What it means to ME is, when my children were little (and today) I celebrate Chanukah, Passover, and the High Holy Days (Rosh Hashanah, the Jewish new year, and Yom Kippur, the Day of Atonement). Part of being an ethnic Jew is the food....and those holidays have the best food (well, except Yom Kippur, which has no food at all - one fasts, *entirely*, from sundown to sundown).
But even ethnic Jews are aware of the history, and Kristallnacht was the match held to the candle that became the Holocaust, and illuminated a period of history that showed, clearly, the lengths that Man's Cruelty can go to. Again, reading of the Holocaust sounds - even to me - like events of that nature must've happened early in the Dark Ages.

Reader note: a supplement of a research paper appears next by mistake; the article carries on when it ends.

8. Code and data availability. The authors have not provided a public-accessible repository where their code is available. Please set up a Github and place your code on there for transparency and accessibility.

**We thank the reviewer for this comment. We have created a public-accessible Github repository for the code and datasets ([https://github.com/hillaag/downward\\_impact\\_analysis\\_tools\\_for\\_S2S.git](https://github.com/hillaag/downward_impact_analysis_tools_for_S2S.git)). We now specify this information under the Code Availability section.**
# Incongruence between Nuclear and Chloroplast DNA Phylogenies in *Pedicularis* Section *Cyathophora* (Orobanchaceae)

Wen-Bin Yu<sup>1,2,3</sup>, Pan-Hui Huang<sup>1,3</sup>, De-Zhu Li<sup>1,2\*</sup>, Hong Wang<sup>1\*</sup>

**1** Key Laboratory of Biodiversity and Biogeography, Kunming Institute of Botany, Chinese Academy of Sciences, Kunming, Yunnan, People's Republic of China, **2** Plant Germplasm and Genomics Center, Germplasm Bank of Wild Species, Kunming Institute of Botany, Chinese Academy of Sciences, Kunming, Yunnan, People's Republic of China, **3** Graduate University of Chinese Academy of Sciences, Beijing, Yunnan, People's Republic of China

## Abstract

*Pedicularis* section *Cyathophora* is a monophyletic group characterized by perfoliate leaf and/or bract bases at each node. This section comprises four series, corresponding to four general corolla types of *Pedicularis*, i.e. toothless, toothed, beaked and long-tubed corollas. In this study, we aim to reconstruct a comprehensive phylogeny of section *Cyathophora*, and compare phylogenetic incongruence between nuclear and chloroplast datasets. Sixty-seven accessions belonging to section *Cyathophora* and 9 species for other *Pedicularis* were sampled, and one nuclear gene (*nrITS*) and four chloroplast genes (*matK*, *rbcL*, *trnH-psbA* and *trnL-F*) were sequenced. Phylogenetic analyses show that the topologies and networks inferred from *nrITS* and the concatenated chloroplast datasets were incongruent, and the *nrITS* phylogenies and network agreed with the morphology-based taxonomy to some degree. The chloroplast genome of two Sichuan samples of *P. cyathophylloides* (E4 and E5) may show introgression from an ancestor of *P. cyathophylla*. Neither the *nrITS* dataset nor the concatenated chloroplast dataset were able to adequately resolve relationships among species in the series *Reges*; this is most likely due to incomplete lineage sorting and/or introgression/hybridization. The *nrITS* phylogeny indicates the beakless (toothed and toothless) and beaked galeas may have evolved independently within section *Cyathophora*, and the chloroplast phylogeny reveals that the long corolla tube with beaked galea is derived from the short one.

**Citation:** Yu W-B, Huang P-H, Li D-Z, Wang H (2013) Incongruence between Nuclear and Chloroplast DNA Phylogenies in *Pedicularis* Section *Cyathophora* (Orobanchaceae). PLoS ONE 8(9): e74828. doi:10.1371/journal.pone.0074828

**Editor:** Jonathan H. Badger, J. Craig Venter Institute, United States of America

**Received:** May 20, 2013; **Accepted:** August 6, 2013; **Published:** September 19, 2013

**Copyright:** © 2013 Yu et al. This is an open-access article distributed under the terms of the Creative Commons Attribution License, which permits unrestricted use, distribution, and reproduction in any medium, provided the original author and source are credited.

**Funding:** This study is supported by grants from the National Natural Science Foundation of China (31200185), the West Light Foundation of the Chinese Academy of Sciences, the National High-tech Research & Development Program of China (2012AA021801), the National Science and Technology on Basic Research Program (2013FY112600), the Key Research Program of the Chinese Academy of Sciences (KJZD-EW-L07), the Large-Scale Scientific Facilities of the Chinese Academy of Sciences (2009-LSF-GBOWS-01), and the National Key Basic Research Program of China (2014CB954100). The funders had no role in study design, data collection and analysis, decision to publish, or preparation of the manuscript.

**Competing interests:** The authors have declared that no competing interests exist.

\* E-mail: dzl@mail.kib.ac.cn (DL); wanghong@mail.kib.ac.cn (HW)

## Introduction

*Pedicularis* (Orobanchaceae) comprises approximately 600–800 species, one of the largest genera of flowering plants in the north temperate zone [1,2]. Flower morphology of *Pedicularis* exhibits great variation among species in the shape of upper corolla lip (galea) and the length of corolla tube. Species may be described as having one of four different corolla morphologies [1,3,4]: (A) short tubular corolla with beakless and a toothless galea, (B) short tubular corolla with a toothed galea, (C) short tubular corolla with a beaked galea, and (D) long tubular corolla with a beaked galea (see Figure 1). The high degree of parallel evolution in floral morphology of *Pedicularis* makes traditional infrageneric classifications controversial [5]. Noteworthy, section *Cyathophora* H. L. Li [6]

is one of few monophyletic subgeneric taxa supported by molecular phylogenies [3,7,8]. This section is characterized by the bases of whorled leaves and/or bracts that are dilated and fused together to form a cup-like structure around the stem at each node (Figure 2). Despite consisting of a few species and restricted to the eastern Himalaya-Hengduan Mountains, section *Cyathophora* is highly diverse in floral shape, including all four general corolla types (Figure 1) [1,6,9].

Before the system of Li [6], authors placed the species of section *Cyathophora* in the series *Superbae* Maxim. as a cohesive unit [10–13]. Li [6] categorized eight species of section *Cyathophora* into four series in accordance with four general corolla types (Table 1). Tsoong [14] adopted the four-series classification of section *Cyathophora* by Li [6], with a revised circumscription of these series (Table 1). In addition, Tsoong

My mother was known for her elegant dinner parties, and while I didn't attend (I was a little kid, and not the sort parents trot out for the admiration of their friends) I got to meet the guests before going up to my room. (Oh, hey - my sister and I got to eat the great food, don't get me wrong.)
There were newspaper dinner parties, comprised of journalists and newspapermen who worked with my father (and admired him - did I ever mention that my daddy is in Who's Who in American Journalism? Did I ever mention that I digress?)